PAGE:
A yardstick, a rusty pair of scissors, a few pearls, a crumpled old photograph — what relevence would these things have in someone’s daily life? While others tend to overlook these objects, they are what interest oral historian Aanchal Malhotra. With her four-year-long ongoing project on the partition, she is trying to establish a bond between India’s past and present by collecting objects that have crossed the border. But what made them come to India? This question was the foundation of this 27-year-old’s research when she started photographing these objects and exploring the story behind them. What began as a college project is now a popular Instagram account with over 12,000 followers. Interestingly, her ancestors too came to India from Pakistan during the partition. Between photography and writing, we managed to catch up with Aanchal for a chat. Excerpts:
How did the whole Partition object collection begin?
I studied Arts. For our project, we could pick any topic as long as it could be displayed in a gallery. So, I began photographing objects that people left behind or took with them during the partition. When I began my dissertation in 2013 (MA), I happened to come across two objects belonging to my nana’s family ‑— a yardstick used by a tailor and a water carrier. I saw how my nana’s elder brother went to a different world when he talked about these objects. That’s when I realised that objects have the power to transport you to a different place. But surprisingly, there are no archives about these objects anywhere.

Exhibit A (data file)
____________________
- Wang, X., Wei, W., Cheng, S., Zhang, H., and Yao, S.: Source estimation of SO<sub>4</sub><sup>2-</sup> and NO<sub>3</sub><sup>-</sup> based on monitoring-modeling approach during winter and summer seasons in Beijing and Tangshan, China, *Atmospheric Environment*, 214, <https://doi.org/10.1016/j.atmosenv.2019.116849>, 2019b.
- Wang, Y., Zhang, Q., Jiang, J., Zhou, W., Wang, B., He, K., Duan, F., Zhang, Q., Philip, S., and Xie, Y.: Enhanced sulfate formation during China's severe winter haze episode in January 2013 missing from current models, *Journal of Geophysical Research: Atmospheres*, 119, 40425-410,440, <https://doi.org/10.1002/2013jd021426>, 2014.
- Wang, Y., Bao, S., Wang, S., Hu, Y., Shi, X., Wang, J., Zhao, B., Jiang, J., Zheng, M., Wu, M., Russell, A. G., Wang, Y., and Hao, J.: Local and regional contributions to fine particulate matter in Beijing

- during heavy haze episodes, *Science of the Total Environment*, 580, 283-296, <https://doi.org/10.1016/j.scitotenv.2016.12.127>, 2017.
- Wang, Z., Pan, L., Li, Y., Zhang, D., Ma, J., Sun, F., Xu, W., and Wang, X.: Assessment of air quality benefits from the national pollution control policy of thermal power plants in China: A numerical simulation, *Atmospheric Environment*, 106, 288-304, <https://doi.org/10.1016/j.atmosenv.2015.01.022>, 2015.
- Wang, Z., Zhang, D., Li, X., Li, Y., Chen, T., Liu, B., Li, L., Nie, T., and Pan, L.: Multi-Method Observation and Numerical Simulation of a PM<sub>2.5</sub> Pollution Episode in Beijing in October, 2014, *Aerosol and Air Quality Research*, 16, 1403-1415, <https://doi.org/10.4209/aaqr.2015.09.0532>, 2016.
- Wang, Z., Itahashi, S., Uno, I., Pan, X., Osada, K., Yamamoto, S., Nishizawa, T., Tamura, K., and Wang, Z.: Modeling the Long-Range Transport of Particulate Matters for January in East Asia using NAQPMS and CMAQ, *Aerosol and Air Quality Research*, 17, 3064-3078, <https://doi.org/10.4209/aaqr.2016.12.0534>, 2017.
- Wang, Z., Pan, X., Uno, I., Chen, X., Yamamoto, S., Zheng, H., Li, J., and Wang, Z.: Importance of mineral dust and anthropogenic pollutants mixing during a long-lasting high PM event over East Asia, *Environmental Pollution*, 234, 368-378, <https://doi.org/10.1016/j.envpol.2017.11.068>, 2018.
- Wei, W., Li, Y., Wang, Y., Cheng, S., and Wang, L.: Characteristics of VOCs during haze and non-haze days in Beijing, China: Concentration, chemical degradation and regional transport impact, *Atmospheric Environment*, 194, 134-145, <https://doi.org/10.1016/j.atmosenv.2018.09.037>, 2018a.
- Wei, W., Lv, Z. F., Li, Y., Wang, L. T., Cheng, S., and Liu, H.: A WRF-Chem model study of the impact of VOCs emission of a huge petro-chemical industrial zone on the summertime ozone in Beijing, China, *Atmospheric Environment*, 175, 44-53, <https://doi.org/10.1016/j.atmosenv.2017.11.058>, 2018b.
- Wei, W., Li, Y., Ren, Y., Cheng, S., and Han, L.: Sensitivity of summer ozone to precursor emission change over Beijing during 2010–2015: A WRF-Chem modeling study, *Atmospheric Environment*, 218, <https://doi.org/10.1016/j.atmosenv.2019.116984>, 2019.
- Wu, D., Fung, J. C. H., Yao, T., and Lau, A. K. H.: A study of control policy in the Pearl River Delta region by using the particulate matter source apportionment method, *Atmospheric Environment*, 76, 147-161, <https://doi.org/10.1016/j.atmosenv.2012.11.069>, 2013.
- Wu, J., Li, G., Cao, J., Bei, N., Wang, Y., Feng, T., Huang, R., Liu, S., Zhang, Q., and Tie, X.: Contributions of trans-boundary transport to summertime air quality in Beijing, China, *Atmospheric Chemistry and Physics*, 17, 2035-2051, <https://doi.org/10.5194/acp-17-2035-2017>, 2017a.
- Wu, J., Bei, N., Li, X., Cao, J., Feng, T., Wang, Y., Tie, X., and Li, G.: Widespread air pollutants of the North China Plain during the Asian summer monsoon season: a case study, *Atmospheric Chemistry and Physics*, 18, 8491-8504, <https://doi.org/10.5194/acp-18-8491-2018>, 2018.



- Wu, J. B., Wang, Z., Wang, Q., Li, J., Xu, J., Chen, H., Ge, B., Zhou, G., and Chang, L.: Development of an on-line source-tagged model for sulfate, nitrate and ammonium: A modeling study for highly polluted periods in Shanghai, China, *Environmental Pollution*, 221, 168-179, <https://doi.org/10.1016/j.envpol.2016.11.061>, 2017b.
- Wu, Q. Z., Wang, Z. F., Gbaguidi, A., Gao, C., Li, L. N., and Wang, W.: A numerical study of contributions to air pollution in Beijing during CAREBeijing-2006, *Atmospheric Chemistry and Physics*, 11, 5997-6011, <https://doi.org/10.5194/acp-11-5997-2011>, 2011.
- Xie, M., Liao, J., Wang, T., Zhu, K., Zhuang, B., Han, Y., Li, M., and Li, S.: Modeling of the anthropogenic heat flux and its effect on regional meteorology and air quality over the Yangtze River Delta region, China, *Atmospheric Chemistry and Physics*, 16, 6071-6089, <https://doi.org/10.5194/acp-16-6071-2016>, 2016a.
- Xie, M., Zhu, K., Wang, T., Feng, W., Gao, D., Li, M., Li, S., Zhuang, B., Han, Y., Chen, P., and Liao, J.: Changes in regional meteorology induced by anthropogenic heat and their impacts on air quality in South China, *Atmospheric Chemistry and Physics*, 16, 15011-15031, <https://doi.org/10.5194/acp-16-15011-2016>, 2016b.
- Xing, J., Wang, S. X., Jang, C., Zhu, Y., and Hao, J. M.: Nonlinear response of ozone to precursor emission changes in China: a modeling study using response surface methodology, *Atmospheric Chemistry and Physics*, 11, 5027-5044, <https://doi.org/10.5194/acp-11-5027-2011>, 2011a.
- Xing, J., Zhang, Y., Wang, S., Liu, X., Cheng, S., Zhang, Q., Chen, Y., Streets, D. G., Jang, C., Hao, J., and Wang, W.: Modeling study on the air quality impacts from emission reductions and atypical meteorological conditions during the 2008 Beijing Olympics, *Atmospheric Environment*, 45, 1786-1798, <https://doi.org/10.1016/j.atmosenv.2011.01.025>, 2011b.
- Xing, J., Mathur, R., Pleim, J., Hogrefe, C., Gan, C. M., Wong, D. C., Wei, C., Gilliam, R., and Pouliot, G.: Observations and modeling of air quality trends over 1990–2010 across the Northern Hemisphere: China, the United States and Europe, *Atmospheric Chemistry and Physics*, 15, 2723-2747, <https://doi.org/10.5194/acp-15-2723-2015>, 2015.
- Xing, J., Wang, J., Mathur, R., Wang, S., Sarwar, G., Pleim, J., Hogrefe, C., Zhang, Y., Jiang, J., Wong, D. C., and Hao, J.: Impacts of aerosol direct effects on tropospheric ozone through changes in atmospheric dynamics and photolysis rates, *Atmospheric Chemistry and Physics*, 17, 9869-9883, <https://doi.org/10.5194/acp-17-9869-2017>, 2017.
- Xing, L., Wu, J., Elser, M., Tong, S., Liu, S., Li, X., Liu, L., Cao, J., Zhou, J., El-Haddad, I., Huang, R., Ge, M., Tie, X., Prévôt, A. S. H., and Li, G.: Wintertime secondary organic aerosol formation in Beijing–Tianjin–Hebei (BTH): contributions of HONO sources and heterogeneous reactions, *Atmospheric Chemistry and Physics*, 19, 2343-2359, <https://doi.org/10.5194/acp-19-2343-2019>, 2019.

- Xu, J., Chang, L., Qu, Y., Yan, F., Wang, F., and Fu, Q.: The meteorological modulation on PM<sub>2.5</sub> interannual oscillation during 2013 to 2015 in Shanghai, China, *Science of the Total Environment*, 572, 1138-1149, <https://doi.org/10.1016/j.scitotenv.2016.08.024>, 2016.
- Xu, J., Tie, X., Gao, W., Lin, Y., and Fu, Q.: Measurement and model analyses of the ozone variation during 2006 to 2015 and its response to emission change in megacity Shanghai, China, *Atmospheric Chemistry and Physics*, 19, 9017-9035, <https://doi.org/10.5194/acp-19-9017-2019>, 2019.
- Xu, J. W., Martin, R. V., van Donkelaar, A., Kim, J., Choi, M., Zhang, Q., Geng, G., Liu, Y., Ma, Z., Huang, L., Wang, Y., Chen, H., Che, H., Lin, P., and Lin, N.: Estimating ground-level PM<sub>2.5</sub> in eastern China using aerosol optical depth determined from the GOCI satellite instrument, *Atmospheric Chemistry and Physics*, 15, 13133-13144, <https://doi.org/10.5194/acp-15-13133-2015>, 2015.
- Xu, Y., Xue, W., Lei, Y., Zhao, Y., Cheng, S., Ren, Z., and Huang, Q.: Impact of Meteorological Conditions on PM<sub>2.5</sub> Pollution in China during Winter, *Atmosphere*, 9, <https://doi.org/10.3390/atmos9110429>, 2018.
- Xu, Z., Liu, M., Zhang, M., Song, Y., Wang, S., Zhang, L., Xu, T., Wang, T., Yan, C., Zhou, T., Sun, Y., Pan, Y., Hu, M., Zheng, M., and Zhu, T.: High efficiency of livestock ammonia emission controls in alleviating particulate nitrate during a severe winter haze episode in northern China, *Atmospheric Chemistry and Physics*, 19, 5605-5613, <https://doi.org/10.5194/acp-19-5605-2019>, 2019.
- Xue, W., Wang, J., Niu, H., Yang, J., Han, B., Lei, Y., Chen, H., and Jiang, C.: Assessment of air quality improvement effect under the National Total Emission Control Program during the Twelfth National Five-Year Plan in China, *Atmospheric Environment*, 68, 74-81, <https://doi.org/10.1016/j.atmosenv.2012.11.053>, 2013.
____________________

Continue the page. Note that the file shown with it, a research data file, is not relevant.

Did you know your history?
My family would talk about the good part of their childhood. I don’t think crossing was something they wanted to talk about.
So you went to Pakistan as a part of the project. What was that like?
It was no different from India. Maybe, because I went to Lahore, which is very similar to Delhi. Inherently, we’re the same. I was forwarned of the dangers and difficulties I would face to go there. But my grandparents and parents assured me that it would be great. In Lahore, I saw my grandfather’s house and grandmother’s school.
You did have a preconceived notion about Pakistan though?
I did. But I went to Pakistan only after I interviewed a few people in India. That really helped me because all the people I spoke to in India never said that Pakistan was bad.
What was the one really big thing you learnt?
Human emotion is uniform all over the world. Take empathy, love, kindness — if Indians and Pakistanis were to realise that others feel the same, maybe they can bridge the divide.
Reach Out: aanchalmalhotra.com